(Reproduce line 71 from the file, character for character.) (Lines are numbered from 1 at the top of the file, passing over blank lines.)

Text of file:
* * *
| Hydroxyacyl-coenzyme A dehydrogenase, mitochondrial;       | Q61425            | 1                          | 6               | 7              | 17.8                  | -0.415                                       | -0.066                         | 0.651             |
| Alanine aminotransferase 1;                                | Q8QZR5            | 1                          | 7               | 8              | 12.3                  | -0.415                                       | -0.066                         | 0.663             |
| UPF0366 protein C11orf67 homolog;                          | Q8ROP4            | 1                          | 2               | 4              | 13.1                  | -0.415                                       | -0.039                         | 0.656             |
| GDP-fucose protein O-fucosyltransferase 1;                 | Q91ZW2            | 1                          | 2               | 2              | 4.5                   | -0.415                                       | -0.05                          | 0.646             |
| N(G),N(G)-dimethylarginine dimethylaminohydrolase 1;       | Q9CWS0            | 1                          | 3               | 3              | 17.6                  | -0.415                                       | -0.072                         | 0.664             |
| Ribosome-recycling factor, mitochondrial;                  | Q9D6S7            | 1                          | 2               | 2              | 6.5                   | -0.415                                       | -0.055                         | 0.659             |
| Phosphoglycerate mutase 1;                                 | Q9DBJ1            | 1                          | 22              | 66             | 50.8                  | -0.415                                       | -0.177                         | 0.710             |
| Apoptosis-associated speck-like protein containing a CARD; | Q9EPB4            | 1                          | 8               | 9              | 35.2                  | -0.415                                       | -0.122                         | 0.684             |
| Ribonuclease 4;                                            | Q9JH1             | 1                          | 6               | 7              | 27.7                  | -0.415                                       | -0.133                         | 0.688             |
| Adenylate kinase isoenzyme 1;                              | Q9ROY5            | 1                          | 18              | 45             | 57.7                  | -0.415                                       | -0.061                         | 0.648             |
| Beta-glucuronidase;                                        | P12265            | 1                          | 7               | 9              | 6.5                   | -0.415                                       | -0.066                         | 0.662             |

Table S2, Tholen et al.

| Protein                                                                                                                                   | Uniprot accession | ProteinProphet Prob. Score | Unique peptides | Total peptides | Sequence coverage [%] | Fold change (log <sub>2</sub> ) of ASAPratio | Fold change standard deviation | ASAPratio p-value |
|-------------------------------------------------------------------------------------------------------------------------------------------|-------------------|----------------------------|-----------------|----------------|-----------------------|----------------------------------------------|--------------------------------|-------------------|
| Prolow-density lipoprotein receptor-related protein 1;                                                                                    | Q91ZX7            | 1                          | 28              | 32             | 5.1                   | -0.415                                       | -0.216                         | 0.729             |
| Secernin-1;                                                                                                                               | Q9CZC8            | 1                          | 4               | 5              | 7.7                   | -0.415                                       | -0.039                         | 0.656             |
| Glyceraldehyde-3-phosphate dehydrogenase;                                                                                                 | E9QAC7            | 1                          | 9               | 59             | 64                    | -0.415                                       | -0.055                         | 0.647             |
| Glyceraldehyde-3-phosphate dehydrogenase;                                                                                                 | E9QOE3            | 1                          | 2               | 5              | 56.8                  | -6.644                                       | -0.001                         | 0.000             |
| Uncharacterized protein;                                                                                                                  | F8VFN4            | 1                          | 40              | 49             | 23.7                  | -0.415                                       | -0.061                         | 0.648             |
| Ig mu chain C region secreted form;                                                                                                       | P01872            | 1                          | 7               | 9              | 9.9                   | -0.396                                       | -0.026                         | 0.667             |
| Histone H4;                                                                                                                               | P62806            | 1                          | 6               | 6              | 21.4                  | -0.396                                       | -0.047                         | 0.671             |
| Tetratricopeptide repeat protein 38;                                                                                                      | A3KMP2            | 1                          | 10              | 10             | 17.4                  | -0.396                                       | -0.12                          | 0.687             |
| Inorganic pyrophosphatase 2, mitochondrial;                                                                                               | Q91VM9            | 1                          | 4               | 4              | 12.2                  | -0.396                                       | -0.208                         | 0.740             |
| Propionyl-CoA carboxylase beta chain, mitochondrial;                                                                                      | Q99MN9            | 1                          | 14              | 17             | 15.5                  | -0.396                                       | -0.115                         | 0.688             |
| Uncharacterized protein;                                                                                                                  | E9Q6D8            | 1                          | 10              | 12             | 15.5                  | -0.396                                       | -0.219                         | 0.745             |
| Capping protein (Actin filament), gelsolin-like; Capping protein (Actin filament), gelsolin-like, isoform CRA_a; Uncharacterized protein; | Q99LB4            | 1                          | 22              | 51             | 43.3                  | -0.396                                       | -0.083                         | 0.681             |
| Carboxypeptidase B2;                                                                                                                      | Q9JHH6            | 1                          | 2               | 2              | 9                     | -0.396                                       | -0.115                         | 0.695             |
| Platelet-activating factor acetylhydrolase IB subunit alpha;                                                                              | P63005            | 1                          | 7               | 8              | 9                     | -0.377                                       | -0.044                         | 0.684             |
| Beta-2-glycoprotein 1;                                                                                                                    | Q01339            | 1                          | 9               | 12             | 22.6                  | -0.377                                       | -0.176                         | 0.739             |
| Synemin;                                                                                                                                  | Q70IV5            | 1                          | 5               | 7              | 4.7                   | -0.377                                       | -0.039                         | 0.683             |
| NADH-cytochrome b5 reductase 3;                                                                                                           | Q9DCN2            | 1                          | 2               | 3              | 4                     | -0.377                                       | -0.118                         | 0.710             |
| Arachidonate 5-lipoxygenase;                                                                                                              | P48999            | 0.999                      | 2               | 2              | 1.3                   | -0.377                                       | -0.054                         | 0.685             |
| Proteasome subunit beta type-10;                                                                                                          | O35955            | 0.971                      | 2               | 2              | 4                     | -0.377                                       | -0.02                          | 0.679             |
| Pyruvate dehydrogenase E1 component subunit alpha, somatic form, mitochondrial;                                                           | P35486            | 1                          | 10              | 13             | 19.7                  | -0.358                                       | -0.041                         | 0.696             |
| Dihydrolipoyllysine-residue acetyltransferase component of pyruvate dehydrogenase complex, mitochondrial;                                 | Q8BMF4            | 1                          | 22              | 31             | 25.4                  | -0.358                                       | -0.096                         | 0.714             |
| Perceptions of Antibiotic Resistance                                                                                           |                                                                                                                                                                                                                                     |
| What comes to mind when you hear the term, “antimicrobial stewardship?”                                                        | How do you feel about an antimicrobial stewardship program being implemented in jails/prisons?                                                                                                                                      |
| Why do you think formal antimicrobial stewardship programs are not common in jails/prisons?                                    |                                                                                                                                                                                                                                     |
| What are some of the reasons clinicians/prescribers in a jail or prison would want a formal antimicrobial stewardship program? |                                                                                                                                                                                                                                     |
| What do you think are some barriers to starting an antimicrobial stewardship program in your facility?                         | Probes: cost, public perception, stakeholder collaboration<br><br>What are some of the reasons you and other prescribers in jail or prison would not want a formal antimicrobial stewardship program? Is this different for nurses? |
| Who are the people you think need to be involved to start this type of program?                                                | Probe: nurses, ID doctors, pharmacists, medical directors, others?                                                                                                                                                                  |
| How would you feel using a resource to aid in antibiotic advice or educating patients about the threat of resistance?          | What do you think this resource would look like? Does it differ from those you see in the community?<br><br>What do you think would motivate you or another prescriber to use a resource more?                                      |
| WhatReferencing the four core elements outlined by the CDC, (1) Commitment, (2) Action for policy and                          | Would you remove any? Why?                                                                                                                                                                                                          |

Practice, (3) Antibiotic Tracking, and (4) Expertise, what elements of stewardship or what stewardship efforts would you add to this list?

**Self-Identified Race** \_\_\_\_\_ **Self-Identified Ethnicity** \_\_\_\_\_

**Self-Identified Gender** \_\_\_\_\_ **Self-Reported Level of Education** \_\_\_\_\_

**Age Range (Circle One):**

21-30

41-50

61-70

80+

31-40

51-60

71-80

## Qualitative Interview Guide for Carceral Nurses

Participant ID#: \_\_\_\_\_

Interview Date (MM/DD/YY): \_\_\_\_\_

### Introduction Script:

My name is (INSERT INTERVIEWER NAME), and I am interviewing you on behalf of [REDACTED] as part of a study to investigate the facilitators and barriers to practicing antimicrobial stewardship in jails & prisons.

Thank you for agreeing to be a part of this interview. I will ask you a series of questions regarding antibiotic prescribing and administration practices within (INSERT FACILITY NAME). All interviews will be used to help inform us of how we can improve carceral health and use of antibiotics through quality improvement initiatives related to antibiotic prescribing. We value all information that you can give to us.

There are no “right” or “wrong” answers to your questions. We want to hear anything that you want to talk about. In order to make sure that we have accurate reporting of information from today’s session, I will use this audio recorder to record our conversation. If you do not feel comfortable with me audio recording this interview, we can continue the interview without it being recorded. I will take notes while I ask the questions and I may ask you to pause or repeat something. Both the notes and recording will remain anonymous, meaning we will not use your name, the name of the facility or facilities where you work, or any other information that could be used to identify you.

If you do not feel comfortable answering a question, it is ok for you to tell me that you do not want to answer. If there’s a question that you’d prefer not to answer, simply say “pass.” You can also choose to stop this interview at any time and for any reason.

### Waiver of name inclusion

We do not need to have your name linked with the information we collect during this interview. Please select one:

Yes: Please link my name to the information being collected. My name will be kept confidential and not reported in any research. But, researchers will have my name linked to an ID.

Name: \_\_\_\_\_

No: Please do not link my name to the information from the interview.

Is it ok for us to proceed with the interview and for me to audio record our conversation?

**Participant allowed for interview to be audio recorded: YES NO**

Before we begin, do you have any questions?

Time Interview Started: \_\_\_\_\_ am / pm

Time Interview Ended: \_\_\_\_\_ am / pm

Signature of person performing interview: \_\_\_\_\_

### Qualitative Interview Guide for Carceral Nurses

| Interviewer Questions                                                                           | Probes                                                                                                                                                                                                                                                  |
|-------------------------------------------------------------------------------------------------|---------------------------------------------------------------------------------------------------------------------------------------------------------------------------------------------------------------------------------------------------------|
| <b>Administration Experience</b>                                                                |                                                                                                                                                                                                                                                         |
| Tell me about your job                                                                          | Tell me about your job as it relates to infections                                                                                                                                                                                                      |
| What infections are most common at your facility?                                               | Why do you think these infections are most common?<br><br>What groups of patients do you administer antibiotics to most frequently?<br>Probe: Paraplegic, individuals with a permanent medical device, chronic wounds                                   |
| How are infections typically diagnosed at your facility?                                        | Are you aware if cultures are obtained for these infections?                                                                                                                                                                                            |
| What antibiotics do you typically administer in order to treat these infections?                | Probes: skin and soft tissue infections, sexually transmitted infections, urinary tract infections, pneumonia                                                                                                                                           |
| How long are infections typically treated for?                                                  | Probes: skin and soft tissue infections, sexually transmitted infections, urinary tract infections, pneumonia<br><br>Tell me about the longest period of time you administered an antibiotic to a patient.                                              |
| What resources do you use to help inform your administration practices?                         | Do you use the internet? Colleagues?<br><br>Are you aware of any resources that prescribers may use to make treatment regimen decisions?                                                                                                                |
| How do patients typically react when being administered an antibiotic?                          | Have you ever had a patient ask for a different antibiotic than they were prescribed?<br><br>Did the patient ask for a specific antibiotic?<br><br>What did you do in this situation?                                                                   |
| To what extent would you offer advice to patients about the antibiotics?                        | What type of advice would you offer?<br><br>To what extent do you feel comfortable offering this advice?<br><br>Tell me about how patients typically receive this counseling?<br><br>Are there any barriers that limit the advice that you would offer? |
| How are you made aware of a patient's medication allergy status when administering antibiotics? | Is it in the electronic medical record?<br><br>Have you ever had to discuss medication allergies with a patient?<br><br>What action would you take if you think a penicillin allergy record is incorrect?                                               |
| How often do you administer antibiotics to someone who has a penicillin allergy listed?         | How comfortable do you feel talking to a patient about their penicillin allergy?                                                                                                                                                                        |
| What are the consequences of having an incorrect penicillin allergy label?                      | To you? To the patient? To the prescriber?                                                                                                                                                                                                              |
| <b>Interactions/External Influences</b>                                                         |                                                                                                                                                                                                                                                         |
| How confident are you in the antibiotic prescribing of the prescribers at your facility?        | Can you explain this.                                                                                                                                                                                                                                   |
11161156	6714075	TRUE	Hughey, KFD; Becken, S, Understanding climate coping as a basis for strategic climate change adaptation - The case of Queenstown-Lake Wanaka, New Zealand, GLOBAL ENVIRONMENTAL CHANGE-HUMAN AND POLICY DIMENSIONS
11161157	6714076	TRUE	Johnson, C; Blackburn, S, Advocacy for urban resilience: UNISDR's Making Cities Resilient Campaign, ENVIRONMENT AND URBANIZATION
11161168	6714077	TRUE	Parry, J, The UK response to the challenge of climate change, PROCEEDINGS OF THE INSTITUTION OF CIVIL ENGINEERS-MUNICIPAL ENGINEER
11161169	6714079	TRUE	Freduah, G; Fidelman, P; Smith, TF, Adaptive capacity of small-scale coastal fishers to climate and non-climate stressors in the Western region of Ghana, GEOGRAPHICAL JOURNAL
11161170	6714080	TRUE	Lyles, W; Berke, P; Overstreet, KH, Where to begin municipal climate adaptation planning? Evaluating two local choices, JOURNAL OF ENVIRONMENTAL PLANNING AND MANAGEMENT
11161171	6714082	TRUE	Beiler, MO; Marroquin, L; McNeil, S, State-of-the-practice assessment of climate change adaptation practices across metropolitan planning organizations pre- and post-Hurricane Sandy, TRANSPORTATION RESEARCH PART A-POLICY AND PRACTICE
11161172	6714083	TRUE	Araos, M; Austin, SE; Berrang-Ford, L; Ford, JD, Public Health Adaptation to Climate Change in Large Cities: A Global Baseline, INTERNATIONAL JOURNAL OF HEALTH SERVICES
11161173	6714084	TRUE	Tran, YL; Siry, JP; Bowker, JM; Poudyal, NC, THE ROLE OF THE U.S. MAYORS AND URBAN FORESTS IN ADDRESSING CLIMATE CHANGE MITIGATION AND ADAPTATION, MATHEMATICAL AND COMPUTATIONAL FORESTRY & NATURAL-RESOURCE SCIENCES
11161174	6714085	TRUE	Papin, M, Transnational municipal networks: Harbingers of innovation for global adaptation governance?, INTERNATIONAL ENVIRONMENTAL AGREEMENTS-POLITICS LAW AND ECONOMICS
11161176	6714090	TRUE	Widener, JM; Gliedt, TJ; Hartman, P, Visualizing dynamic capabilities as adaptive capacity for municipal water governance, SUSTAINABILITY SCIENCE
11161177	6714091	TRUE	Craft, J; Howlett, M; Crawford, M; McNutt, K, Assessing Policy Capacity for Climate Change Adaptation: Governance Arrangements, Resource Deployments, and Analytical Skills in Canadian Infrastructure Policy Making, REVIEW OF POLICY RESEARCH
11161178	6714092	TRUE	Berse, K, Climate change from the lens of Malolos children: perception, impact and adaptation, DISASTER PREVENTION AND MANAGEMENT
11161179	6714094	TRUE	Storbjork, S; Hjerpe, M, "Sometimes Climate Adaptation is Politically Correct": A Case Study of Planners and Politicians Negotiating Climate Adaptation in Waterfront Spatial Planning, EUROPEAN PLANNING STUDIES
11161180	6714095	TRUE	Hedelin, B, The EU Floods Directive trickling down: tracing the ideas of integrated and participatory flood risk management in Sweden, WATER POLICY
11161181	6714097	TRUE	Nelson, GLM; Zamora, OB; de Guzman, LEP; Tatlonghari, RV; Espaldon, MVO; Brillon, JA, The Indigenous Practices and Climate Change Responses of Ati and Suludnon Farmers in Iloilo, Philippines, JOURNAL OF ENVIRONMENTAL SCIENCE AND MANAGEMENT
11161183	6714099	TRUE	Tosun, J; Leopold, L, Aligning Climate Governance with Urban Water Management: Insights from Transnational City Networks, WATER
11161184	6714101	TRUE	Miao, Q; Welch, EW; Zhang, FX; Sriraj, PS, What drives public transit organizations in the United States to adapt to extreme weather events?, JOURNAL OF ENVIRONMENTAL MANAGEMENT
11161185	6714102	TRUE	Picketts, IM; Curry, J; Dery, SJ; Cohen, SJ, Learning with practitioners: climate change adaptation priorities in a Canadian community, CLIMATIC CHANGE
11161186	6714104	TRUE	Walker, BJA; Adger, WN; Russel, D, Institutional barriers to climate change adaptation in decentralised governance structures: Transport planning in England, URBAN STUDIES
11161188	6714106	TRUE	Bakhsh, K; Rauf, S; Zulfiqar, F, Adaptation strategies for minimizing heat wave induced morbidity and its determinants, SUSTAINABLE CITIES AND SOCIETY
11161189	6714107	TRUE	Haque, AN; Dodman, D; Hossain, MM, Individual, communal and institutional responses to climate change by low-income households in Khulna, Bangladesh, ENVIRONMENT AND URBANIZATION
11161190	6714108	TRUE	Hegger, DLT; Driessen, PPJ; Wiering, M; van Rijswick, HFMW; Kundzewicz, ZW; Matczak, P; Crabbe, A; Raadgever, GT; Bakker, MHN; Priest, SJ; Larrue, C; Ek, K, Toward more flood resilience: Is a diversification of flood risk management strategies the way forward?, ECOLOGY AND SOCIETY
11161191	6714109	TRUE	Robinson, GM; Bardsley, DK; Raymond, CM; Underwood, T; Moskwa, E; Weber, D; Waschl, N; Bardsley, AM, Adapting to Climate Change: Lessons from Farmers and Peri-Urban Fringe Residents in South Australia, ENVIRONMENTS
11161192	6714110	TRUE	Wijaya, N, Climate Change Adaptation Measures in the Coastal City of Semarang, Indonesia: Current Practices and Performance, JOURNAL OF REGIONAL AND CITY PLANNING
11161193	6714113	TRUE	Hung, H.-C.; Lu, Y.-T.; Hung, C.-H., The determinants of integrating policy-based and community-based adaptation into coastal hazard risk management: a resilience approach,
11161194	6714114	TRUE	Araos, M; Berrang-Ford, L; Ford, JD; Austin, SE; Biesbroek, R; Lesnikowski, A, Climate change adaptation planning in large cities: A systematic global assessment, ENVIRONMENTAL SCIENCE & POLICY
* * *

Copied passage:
Time Interview Started: \_\_\_\_\_ am / pm